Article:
Review the Proposed Fire Code Changes to  Exterior Wall Assemblies, Cladding and Cladding Systems here. 

Proposed Fire Code Changes for Combustible Cladding- furniture in corridors and lobbies
In recent years, questions concerning the placement of combustible furniture in corridors and lobbies within a means of egress have been raised by fire services, building owners and occupants following the occurrence of two tragic fatal fires. In both instances, the fires involved the ignition of upholstered furniture located in a corridor of a multi-unit residential building and resulted in multiple deaths. 

The primary concern associated with fires involving upholstered furniture is the combustion of polyurethane foam, which is typically used as the padding material. Polyurethane foam is a readily ignitable material that releases heat at a rapid rate and produces copious amounts of smoke and toxic gases. 
Currently, Sentence 2.4.1.1.(2) of the Fire Code regulates placement of combustible materials in a means of egress by prohibiting accumulation: 
2.4.1.1.(2) Combustible materials shall not be accumulated in any part of an elevator shaft, ventilation shaft, means of egress, service room or service space, unless the location, room or space is designed for those materials.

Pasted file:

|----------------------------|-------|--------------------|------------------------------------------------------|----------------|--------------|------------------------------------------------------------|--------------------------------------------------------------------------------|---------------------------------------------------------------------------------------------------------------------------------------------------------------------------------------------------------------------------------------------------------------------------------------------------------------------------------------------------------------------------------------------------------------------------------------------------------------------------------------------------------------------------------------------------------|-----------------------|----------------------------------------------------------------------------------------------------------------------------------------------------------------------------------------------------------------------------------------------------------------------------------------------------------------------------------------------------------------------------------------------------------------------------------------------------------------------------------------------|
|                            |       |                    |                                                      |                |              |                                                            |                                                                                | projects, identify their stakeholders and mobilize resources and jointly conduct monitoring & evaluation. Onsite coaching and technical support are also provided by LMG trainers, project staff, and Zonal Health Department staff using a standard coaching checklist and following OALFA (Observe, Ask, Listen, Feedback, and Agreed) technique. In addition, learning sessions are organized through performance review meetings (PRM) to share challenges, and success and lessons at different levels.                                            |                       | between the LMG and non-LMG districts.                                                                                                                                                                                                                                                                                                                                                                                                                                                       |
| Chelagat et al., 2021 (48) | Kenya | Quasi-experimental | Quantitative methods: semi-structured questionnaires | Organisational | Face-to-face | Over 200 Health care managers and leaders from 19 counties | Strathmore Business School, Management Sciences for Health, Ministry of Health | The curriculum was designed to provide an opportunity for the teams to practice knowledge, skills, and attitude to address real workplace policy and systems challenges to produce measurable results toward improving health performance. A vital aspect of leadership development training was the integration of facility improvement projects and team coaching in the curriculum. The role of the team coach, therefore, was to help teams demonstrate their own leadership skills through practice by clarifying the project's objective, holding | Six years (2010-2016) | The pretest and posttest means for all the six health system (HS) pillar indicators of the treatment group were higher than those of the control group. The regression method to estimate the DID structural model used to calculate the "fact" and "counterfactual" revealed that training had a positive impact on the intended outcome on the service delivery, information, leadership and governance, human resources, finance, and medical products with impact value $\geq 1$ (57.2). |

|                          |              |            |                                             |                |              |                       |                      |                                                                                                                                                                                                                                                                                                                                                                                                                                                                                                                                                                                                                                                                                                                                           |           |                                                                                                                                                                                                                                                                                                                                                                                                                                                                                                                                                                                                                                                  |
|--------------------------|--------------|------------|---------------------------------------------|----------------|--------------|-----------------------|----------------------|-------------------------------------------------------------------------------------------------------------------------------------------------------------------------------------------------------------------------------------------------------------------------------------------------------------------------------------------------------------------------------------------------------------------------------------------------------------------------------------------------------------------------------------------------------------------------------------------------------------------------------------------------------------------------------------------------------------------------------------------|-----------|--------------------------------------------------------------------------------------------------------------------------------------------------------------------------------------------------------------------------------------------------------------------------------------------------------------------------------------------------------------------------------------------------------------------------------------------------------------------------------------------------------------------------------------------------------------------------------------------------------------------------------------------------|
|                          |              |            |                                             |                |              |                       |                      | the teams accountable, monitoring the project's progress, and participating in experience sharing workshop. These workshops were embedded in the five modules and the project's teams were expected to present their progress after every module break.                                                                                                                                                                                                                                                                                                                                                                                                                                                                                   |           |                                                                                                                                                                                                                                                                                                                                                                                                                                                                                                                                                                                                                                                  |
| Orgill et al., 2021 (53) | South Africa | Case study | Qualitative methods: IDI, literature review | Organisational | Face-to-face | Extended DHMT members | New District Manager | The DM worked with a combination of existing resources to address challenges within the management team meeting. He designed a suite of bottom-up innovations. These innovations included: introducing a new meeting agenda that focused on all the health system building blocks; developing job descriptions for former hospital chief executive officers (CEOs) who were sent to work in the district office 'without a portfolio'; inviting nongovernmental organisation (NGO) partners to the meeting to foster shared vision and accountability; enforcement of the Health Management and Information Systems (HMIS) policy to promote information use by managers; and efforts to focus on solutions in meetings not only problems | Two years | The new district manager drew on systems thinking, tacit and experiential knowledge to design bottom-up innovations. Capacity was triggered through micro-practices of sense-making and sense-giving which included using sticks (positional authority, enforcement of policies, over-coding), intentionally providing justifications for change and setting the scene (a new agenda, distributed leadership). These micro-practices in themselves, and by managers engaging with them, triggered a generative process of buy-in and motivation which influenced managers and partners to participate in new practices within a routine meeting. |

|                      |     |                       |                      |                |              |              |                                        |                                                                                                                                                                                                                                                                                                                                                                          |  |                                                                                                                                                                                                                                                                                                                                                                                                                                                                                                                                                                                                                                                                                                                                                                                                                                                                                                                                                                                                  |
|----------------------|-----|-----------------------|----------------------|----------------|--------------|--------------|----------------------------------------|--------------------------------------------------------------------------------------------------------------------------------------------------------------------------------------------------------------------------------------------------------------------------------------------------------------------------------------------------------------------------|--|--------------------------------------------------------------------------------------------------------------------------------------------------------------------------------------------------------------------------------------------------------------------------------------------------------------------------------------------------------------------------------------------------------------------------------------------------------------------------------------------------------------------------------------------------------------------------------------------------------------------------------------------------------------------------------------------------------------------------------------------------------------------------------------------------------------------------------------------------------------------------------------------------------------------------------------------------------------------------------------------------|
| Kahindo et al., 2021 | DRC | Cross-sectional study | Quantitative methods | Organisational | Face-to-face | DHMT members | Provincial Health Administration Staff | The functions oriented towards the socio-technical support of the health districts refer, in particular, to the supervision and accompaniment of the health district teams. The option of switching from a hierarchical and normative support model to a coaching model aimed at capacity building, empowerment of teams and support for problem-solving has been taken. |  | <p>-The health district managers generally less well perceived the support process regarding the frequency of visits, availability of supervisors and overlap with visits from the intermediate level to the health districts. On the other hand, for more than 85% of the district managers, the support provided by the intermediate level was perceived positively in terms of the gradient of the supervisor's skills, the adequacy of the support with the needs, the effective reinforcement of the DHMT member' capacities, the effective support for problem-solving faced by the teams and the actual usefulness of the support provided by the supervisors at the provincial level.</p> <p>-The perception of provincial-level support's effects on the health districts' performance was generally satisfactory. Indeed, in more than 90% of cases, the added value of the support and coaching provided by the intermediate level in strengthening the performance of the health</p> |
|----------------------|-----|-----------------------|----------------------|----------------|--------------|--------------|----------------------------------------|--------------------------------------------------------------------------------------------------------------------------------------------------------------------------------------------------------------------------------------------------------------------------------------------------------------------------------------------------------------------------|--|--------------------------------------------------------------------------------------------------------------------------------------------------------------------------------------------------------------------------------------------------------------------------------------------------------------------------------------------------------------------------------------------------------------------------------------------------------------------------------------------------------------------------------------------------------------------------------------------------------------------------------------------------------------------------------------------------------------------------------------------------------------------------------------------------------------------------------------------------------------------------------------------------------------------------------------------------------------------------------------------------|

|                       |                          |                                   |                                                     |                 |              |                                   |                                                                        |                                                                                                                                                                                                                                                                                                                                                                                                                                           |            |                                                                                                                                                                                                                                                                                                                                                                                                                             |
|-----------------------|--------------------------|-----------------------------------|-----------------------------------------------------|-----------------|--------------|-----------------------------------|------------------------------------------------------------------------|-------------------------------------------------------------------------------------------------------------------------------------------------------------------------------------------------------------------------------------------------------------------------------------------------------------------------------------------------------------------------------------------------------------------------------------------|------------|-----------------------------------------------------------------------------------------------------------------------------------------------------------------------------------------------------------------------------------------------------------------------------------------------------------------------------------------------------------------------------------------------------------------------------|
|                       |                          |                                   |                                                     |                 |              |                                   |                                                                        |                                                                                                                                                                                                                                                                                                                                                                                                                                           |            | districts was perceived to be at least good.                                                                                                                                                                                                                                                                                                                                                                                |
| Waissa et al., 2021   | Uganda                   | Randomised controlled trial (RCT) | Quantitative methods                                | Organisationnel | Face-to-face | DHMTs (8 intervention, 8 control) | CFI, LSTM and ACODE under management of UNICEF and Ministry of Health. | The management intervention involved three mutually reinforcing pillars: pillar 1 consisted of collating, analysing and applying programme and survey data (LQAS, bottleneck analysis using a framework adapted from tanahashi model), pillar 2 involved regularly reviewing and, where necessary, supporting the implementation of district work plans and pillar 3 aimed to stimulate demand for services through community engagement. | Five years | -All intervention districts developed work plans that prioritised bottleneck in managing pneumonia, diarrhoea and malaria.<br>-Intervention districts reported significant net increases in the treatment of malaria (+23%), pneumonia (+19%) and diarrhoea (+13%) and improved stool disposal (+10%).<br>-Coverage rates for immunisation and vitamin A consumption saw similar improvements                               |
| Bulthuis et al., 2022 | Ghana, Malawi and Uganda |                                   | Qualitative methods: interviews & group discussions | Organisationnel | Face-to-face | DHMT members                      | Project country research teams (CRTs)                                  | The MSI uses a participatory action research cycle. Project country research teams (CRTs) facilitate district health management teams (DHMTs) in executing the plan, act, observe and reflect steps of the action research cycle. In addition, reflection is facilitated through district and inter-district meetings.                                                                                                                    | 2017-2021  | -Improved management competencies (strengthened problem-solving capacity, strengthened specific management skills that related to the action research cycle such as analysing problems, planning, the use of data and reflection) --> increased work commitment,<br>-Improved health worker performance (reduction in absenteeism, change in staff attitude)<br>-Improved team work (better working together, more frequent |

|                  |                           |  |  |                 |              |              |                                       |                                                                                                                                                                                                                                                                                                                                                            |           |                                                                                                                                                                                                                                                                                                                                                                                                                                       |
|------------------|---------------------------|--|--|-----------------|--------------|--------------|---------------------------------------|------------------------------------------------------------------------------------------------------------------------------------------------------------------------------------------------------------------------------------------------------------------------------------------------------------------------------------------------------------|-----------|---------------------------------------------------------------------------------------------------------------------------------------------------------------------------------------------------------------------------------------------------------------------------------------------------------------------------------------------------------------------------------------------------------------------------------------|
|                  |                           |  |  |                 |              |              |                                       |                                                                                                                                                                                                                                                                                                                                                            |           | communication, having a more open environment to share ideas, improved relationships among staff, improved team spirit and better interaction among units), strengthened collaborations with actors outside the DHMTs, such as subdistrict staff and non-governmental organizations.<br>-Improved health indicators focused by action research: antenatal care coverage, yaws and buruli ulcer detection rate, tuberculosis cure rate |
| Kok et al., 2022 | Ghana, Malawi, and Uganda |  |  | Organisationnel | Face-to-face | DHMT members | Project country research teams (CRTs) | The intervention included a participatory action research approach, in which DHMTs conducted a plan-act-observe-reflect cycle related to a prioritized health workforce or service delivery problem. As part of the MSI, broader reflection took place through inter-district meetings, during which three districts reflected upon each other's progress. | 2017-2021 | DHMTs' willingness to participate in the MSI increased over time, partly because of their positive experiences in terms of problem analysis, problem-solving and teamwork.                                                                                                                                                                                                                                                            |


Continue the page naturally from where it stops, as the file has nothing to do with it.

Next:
Review the Proposed Fire Code Changes for Combustible Cladding –Furniture in Corridors and Lobbies here. 

Proposed Fire Code Changes to Firefighters’ Elevator Out of Service Notification Requirements 
The topic of elevator availability, or perceived lack of availability, has been covered in a variety of mainstream media in recent months. 

To respond to emerging concerns associated with elevator availability and the lack of data on the topic, the Technical Standards and Safety Authority (TSSA), in partnership with the Ministry of Government and Consumer Services (MGCS) and the Ministry of Municipal Affairs (MMA), engaged Retired Superior Court Justice Douglas Cunningham to author an independent study, with support from Deloitte’s Public Sector Strategy team. Release of the study’s findings is pending.